IF YOU DON’T HAVE CONTACT DETAILS FOR THE PERSON…
The options above, of course, are all well and good if you have some way to contact the person – and if they’re willing to respond to you when you do. Content scrapers, however, don’t normally provide a handy email address you can use to contact them, nor do they read the comments on their websites (if they even HAVE comments on their websites…), maintain Twitter accounts, or interact with the people they’re ripping off on Facebook. The fact is, content scrapers are criminals: they’re not people who make a mistake and feel bad about it, they’re people who have deliberately taken your content, KNOWING they’re breaking the law, and not caring. Even some brands/bloggers will think that if they ignore you, you’ll just go away, so if you find yourself in this position, here are some other things you can try…
01. FIND OUT WHO HOSTS THE WEBSITE
Web hosts have a legal responsibility to remove any illegal content they’re found to be hosting on their servers, and that includes cases of copyright infringement. What this means is that even if the blogger/splogger won’t remove your content from their site, their host may do it for them – and will sometimes remove the entire website, if they deem the theft to be serious enough.
Your first task, then, is to find out who the host of the website is. If the person is using a site like Blogspot, say, or is posting your content on Facebook, this is easy enough – you can contact Blogspot and Facebook directly, and ask them to remove the content. I’ve had to do this numerous times, and have found both Blogspot and Facebook very helpful: they both have departments which deal with this kind of request, and although you will obviously have to prove that the content is yours (You do this simply by providing the link to where it appears on your own blog), I have never had them refuse to remove the copied content: in fact, as I said, in many cases they will close down the entire blog/Facebook account. (Which is why you should never ignore someone who is asking you to remove their content, by the way!)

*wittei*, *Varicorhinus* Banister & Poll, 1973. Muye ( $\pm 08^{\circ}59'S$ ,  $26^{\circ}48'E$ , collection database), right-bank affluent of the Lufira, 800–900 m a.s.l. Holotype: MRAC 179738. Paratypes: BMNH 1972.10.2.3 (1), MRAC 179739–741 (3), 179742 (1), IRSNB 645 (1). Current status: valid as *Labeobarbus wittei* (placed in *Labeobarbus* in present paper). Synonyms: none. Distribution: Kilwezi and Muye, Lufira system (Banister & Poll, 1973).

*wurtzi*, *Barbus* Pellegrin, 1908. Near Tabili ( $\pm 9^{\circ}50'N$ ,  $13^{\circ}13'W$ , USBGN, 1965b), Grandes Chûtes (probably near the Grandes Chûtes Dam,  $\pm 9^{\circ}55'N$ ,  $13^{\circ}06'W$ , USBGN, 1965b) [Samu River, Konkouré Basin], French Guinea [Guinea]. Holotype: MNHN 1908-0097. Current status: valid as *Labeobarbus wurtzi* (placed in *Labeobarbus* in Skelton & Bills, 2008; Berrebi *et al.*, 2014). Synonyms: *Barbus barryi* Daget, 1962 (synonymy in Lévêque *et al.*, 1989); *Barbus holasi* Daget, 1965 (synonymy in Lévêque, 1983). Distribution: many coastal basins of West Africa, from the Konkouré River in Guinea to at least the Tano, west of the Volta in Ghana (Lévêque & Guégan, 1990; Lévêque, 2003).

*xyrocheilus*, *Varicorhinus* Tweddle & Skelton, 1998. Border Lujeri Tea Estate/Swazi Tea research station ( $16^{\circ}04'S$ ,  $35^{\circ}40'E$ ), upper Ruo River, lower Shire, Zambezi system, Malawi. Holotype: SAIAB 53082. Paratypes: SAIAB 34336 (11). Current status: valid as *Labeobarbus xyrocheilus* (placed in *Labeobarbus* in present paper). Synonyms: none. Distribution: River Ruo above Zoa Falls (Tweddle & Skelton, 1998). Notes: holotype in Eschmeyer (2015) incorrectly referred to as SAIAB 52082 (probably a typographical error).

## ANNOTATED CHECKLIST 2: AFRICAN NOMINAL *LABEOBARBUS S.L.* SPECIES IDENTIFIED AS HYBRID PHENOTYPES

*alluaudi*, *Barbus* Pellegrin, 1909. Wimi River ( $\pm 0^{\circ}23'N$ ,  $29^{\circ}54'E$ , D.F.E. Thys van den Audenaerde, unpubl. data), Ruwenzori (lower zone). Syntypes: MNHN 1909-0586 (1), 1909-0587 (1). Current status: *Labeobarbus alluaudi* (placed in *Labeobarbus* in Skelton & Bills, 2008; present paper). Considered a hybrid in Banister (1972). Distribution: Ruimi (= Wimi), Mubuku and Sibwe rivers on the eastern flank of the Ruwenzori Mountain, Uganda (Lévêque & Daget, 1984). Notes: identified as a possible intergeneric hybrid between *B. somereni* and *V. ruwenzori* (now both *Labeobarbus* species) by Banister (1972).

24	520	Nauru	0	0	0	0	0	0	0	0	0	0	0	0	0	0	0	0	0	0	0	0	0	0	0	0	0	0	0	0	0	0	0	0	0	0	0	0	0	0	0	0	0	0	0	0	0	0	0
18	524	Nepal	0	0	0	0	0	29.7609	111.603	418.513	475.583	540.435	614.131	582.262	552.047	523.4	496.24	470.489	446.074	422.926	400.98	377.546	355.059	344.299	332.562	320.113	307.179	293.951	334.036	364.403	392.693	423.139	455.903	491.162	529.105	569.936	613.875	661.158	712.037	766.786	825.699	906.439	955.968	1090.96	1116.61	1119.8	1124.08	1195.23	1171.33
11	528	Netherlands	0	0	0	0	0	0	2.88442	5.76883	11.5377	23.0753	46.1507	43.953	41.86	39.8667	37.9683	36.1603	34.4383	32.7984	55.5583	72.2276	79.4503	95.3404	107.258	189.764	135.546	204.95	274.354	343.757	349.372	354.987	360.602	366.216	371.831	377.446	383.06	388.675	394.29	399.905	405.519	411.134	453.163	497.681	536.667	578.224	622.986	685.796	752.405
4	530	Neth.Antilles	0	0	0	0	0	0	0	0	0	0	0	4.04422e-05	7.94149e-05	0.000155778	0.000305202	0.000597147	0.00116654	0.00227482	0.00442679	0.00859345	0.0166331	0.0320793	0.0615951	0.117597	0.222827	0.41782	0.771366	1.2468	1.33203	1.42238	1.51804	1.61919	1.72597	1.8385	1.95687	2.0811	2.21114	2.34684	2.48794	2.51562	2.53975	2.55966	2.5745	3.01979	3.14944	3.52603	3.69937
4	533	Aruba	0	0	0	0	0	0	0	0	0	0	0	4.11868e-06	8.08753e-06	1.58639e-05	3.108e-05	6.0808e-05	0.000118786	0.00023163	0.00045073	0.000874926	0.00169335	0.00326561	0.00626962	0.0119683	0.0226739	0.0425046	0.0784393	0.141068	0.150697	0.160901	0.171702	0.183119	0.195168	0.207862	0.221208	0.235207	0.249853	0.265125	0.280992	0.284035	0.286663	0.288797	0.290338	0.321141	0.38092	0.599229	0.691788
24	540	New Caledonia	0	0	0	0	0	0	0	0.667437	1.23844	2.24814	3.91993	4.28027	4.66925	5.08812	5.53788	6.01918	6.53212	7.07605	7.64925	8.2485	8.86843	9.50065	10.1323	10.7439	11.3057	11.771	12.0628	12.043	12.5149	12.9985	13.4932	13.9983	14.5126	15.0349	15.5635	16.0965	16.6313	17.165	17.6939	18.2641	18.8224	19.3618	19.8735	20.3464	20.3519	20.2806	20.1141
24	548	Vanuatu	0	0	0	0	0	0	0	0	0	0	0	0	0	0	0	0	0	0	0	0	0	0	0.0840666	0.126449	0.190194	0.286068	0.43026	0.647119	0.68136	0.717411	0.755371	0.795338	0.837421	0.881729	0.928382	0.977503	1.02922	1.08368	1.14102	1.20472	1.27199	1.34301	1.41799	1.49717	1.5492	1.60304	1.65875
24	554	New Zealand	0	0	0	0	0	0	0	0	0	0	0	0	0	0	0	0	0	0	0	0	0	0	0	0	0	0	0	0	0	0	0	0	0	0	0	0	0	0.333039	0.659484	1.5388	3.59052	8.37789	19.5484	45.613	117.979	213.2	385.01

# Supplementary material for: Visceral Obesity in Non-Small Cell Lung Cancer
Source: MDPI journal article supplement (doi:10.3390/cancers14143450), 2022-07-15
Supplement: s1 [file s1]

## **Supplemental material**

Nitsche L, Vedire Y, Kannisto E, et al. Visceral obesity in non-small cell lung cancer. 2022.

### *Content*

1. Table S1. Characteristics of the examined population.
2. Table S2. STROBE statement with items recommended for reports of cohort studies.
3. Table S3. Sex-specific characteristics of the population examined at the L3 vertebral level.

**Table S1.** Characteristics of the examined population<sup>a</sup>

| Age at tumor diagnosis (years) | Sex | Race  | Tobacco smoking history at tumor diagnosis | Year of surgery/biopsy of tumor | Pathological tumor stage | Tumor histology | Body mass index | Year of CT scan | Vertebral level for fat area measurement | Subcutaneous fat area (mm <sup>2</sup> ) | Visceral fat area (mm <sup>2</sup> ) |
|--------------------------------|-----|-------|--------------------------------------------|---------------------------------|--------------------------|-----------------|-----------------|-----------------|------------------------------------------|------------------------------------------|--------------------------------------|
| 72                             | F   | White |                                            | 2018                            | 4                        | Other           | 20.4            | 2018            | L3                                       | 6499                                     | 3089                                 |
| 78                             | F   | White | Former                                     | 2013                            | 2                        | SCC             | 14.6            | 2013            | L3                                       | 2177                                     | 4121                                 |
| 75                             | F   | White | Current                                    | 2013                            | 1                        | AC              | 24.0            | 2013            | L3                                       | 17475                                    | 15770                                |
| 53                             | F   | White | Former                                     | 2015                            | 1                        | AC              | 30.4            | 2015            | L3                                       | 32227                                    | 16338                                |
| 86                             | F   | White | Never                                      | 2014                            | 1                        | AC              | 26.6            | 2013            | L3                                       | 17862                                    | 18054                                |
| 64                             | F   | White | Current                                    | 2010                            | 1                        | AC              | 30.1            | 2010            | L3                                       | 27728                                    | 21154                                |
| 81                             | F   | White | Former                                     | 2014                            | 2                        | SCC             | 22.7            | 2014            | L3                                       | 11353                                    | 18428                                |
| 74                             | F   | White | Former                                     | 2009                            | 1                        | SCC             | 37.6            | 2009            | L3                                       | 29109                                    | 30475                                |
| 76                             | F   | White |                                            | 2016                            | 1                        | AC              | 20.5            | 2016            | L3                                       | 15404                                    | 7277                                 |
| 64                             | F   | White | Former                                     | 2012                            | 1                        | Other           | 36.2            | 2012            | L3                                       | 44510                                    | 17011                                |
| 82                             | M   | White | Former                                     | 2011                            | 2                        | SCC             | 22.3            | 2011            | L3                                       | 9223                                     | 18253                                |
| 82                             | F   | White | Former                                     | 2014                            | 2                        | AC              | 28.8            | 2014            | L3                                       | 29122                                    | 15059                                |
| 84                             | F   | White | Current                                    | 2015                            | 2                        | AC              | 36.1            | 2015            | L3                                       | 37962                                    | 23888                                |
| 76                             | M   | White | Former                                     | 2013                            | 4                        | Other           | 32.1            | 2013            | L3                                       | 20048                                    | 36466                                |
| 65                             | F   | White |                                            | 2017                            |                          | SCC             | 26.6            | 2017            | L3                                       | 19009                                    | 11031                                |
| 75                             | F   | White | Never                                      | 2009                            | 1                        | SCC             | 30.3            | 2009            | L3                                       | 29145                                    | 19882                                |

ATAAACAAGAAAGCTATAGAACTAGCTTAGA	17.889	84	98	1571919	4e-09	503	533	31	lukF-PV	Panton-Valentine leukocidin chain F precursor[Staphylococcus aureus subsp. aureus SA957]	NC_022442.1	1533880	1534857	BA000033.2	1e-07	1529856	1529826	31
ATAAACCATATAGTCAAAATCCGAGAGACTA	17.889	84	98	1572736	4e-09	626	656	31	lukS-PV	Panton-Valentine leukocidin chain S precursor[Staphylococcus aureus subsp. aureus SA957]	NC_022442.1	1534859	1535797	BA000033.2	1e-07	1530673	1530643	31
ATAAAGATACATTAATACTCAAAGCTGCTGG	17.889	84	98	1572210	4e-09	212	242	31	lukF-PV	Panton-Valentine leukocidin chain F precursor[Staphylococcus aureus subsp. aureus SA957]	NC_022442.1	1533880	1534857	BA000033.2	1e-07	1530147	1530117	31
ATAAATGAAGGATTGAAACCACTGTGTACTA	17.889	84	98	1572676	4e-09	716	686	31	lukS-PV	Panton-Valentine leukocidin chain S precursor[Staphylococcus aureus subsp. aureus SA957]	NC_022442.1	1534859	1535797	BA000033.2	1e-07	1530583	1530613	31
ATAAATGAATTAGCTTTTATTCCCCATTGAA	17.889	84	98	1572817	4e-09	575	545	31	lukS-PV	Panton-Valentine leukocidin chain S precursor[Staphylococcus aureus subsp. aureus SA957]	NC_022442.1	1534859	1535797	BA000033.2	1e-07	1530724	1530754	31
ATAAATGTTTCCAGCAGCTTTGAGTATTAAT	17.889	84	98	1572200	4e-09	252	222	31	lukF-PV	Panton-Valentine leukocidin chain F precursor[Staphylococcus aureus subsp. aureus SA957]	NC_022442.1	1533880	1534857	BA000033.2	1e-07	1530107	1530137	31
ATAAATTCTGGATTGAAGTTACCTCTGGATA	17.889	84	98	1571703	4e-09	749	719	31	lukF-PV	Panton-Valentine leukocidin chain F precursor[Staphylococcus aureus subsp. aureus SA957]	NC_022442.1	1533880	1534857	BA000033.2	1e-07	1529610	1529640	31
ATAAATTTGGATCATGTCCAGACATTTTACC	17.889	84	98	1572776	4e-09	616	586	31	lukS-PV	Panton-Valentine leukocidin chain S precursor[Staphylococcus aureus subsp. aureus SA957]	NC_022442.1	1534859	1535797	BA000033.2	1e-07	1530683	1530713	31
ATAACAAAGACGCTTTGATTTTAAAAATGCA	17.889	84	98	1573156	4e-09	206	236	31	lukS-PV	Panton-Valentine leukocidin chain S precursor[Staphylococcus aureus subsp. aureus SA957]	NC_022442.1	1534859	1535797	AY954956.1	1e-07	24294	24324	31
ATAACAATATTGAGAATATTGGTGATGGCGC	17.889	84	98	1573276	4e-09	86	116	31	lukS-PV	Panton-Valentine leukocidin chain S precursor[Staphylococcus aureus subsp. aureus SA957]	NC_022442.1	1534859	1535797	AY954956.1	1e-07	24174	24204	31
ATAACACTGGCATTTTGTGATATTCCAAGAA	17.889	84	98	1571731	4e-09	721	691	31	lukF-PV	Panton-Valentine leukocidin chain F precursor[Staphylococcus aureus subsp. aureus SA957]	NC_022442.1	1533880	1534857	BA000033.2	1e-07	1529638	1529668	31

If the content thief ISN’T using a free hosting service, however, it can be a little more difficult to find out who hosts their blog. There are a few sites designed to do this, however (here is one of them), and a quick Google search will normally provide you with the information you need to contact the host of the copycat blog, and ask them to remove your content. I’ve had varying levels of success with this, and it depends very much on the hosting service: some are super-helpful, others can be quite obstructive. It’s worth bearing in mind here that, as well as having a responsibility to remove illegal content, web hosts also have a responsibility to the people who use their service, and can’t just take down someone’s blog because you asked them to. They will require proof that the content you’re reporting is yours (again, the link to your own website will be enough), and they will normally contact the owner of the blog and give them an opportunity to dispute your claim before taking any action.
If, after all of this, they refuse to remove your content, however, it’s time to move to the next step…
02. FILE A DMCA WITH THE HOST
The Digital Millennium Copyright Act requires web hosts to take claims of copyright seriously, and a DMCA notice is an official “takedown” request, which hosts are legally obliged to respond to. This is a document which you sign to assert your rights as the copyright holder, and you can write it yourself: again, you’ll find lots of DMCA templates online, although sites like Facebook and Blogspot have online versions which you just have to fill in, and check a box instead of signing.